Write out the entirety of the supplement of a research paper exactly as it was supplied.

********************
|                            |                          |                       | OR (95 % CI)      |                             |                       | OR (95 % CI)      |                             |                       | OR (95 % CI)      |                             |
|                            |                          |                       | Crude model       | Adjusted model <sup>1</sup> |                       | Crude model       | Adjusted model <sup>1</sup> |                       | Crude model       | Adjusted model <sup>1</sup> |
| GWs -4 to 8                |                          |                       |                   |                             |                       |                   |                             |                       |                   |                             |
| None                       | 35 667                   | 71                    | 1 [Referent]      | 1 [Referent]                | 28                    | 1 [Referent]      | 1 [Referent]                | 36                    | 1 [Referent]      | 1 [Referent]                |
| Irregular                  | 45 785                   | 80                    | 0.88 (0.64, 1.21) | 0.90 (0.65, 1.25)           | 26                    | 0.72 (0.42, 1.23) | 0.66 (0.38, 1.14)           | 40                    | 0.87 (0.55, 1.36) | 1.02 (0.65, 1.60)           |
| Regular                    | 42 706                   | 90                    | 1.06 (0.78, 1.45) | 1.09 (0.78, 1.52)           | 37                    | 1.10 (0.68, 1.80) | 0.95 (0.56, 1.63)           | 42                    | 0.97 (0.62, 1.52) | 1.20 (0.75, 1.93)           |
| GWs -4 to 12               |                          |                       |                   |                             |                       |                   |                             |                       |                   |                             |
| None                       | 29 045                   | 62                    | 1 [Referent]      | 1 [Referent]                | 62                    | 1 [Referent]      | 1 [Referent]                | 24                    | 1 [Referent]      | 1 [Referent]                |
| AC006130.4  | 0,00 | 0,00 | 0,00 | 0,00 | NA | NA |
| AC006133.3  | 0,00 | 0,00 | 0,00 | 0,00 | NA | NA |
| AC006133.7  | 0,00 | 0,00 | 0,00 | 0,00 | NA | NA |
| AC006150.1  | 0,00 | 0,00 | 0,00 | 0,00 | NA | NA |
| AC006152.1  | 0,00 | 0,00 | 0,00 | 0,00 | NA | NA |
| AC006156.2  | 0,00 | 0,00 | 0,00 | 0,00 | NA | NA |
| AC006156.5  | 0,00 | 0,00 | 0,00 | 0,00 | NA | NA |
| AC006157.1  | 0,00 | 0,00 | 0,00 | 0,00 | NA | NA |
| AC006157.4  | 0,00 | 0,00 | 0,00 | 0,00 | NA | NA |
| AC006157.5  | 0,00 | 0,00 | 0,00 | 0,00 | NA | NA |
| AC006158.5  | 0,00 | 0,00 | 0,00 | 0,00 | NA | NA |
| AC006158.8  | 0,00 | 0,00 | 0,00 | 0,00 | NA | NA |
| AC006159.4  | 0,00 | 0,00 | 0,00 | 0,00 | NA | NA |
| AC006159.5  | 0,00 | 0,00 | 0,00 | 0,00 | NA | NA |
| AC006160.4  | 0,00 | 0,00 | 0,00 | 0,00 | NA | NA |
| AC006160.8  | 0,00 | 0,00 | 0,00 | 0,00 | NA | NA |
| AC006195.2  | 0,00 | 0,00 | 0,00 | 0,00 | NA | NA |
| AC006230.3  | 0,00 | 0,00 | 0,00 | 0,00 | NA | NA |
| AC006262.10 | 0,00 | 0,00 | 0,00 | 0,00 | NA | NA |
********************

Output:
|                            |                          |                       | OR (95 % CI)      |                             |                       | OR (95 % CI)      |                             |                       | OR (95 % CI)      |                             |
|                            |                          |                       | Crude model       | Adjusted model <sup>1</sup> |                       | Crude model       | Adjusted model <sup>1</sup> |                       | Crude model       | Adjusted model <sup>1</sup> |
| GWs -4 to 8                |                          |                       |                   |                             |                       |                   |                             |                       |                   |                             |
| None                       | 35 667                   | 71                    | 1 [Referent]      | 1 [Referent]                | 28                    | 1 [Referent]      | 1 [Referent]                | 36                    | 1 [Referent]      | 1 [Referent]                |
| Irregular                  | 45 785                   | 80                    | 0.88 (0.64, 1.21) | 0.90 (0.65, 1.25)           | 26                    | 0.72 (0.42, 1.23) | 0.66 (0.38, 1.14)           | 40                    | 0.87 (0.55, 1.36) | 1.02 (0.65, 1.60)           |
| Regular                    | 42 706                   | 90                    | 1.06 (0.78, 1.45) | 1.09 (0.78, 1.52)           | 37                    | 1.10 (0.68, 1.80) | 0.95 (0.56, 1.63)           | 42                    | 0.97 (0.62, 1.52) | 1.20 (0.75, 1.93)           |
| GWs -4 to 12               |                          |                       |                   |                             |                       |                   |                             |                       |                   |                             |
| None                       | 29 045                   | 62                    | 1 [Referent]      | 1 [Referent]                | 62                    | 1 [Referent]      | 1 [Referent]                | 24                    | 1 [Referent]      | 1 [Referent]                |
| AC006130.4  | 0,00 | 0,00 | 0,00 | 0,00 | NA | NA |
| AC006133.3  | 0,00 | 0,00 | 0,00 | 0,00 | NA | NA |
| AC006133.7  | 0,00 | 0,00 | 0,00 | 0,00 | NA | NA |
| AC006150.1  | 0,00 | 0,00 | 0,00 | 0,00 | NA | NA |
| AC006152.1  | 0,00 | 0,00 | 0,00 | 0,00 | NA | NA |
| AC006156.2  | 0,00 | 0,00 | 0,00 | 0,00 | NA | NA |
| AC006156.5  | 0,00 | 0,00 | 0,00 | 0,00 | NA | NA |
| AC006157.1  | 0,00 | 0,00 | 0,00 | 0,00 | NA | NA |
| AC006157.4  | 0,00 | 0,00 | 0,00 | 0,00 | NA | NA |
| AC006157.5  | 0,00 | 0,00 | 0,00 | 0,00 | NA | NA |
| AC006158.5  | 0,00 | 0,00 | 0,00 | 0,00 | NA | NA |
| AC006158.8  | 0,00 | 0,00 | 0,00 | 0,00 | NA | NA |
| AC006159.4  | 0,00 | 0,00 | 0,00 | 0,00 | NA | NA |
| AC006159.5  | 0,00 | 0,00 | 0,00 | 0,00 | NA | NA |
| AC006160.4  | 0,00 | 0,00 | 0,00 | 0,00 | NA | NA |
| AC006160.8  | 0,00 | 0,00 | 0,00 | 0,00 | NA | NA |
| AC006195.2  | 0,00 | 0,00 | 0,00 | 0,00 | NA | NA |
| AC006230.3  | 0,00 | 0,00 | 0,00 | 0,00 | NA | NA |
| AC006262.10 | 0,00 | 0,00 | 0,00 | 0,00 | NA | NA |